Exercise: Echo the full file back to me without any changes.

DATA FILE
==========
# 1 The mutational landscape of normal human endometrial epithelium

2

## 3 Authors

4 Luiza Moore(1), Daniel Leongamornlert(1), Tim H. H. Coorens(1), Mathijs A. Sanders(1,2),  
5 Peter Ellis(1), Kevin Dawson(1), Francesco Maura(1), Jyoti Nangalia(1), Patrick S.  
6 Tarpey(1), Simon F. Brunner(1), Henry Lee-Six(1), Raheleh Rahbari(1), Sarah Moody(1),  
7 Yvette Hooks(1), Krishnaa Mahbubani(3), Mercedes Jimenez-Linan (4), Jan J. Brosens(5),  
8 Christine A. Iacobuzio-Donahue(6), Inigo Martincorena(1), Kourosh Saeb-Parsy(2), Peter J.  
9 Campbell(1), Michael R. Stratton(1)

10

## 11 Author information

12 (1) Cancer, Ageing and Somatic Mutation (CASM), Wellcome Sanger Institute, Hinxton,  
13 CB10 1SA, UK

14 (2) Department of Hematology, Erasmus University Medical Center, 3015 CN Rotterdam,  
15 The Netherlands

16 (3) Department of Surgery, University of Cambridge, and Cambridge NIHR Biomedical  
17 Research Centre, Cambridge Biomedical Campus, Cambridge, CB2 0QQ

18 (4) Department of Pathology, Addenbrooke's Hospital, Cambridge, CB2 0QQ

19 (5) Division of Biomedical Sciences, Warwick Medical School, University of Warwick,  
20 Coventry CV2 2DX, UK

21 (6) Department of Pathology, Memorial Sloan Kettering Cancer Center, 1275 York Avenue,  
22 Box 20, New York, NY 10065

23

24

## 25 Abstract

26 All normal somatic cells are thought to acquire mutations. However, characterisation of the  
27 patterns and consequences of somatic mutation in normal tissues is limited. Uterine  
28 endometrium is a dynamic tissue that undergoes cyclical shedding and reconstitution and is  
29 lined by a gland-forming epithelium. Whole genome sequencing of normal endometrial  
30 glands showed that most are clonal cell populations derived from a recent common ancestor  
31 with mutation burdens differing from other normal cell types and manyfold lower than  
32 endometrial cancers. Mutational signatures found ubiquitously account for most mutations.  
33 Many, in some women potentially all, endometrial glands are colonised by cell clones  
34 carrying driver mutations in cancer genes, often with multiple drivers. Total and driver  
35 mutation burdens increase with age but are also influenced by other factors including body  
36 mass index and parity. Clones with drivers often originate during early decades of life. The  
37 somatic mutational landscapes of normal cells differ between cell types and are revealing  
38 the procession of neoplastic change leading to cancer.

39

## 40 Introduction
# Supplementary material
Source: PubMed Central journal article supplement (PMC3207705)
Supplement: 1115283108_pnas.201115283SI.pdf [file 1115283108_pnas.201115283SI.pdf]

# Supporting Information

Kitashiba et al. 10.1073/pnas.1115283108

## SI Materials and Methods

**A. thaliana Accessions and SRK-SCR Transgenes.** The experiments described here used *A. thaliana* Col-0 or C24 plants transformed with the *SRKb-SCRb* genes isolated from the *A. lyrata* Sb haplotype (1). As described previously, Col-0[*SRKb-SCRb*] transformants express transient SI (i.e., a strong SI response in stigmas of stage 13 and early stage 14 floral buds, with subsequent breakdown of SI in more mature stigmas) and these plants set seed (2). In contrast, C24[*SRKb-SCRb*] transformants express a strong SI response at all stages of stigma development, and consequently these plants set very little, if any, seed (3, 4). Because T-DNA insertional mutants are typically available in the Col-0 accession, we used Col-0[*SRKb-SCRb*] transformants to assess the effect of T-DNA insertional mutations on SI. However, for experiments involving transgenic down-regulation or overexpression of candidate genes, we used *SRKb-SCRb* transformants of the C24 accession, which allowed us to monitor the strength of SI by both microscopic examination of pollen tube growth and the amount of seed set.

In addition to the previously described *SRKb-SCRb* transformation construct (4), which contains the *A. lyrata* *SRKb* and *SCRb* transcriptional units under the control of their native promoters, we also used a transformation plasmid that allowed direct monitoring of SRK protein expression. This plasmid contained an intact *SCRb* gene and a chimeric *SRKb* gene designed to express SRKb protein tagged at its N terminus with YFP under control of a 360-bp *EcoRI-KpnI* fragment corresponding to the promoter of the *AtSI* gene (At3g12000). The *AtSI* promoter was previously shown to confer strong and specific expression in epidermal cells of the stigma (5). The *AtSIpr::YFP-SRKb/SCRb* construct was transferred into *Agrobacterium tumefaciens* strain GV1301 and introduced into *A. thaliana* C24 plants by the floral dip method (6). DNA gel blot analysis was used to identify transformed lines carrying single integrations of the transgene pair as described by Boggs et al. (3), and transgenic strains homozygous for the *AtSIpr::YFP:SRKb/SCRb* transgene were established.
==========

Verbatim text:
# 1 The mutational landscape of normal human endometrial epithelium

2

## 3 Authors

4 Luiza Moore(1), Daniel Leongamornlert(1), Tim H. H. Coorens(1), Mathijs A. Sanders(1,2),  
5 Peter Ellis(1), Kevin Dawson(1), Francesco Maura(1), Jyoti Nangalia(1), Patrick S.  
6 Tarpey(1), Simon F. Brunner(1), Henry Lee-Six(1), Raheleh Rahbari(1), Sarah Moody(1),  
7 Yvette Hooks(1), Krishnaa Mahbubani(3), Mercedes Jimenez-Linan (4), Jan J. Brosens(5),  
8 Christine A. Iacobuzio-Donahue(6), Inigo Martincorena(1), Kourosh Saeb-Parsy(2), Peter J.  
9 Campbell(1), Michael R. Stratton(1)

10

## 11 Author information

12 (1) Cancer, Ageing and Somatic Mutation (CASM), Wellcome Sanger Institute, Hinxton,  
13 CB10 1SA, UK

14 (2) Department of Hematology, Erasmus University Medical Center, 3015 CN Rotterdam,  
15 The Netherlands

16 (3) Department of Surgery, University of Cambridge, and Cambridge NIHR Biomedical  
17 Research Centre, Cambridge Biomedical Campus, Cambridge, CB2 0QQ

18 (4) Department of Pathology, Addenbrooke's Hospital, Cambridge, CB2 0QQ

19 (5) Division of Biomedical Sciences, Warwick Medical School, University of Warwick,  
20 Coventry CV2 2DX, UK

21 (6) Department of Pathology, Memorial Sloan Kettering Cancer Center, 1275 York Avenue,  
22 Box 20, New York, NY 10065

23

24

## 25 Abstract

26 All normal somatic cells are thought to acquire mutations. However, characterisation of the  
27 patterns and consequences of somatic mutation in normal tissues is limited. Uterine  
28 endometrium is a dynamic tissue that undergoes cyclical shedding and reconstitution and is  
29 lined by a gland-forming epithelium. Whole genome sequencing of normal endometrial  
30 glands showed that most are clonal cell populations derived from a recent common ancestor  
31 with mutation burdens differing from other normal cell types and manyfold lower than  
32 endometrial cancers. Mutational signatures found ubiquitously account for most mutations.  
33 Many, in some women potentially all, endometrial glands are colonised by cell clones  
34 carrying driver mutations in cancer genes, often with multiple drivers. Total and driver  
35 mutation burdens increase with age but are also influenced by other factors including body  
36 mass index and parity. Clones with drivers often originate during early decades of life. The  
37 somatic mutational landscapes of normal cells differ between cell types and are revealing  
38 the procession of neoplastic change leading to cancer.

39

## 40 Introduction
# Supplementary material
Source: PubMed Central journal article supplement (PMC3207705)
Supplement: 1115283108_pnas.201115283SI.pdf [file 1115283108_pnas.201115283SI.pdf]

# Supporting Information

Kitashiba et al. 10.1073/pnas.1115283108

## SI Materials and Methods

**A. thaliana Accessions and SRK-SCR Transgenes.** The experiments described here used *A. thaliana* Col-0 or C24 plants transformed with the *SRKb-SCRb* genes isolated from the *A. lyrata* Sb haplotype (1). As described previously, Col-0[*SRKb-SCRb*] transformants express transient SI (i.e., a strong SI response in stigmas of stage 13 and early stage 14 floral buds, with subsequent breakdown of SI in more mature stigmas) and these plants set seed (2). In contrast, C24[*SRKb-SCRb*] transformants express a strong SI response at all stages of stigma development, and consequently these plants set very little, if any, seed (3, 4). Because T-DNA insertional mutants are typically available in the Col-0 accession, we used Col-0[*SRKb-SCRb*] transformants to assess the effect of T-DNA insertional mutations on SI. However, for experiments involving transgenic down-regulation or overexpression of candidate genes, we used *SRKb-SCRb* transformants of the C24 accession, which allowed us to monitor the strength of SI by both microscopic examination of pollen tube growth and the amount of seed set.

In addition to the previously described *SRKb-SCRb* transformation construct (4), which contains the *A. lyrata* *SRKb* and *SCRb* transcriptional units under the control of their native promoters, we also used a transformation plasmid that allowed direct monitoring of SRK protein expression. This plasmid contained an intact *SCRb* gene and a chimeric *SRKb* gene designed to express SRKb protein tagged at its N terminus with YFP under control of a 360-bp *EcoRI-KpnI* fragment corresponding to the promoter of the *AtSI* gene (At3g12000). The *AtSI* promoter was previously shown to confer strong and specific expression in epidermal cells of the stigma (5). The *AtSIpr::YFP-SRKb/SCRb* construct was transferred into *Agrobacterium tumefaciens* strain GV1301 and introduced into *A. thaliana* C24 plants by the floral dip method (6). DNA gel blot analysis was used to identify transformed lines carrying single integrations of the transgene pair as described by Boggs et al. (3), and transgenic strains homozygous for the *AtSIpr::YFP:SRKb/SCRb* transgene were established.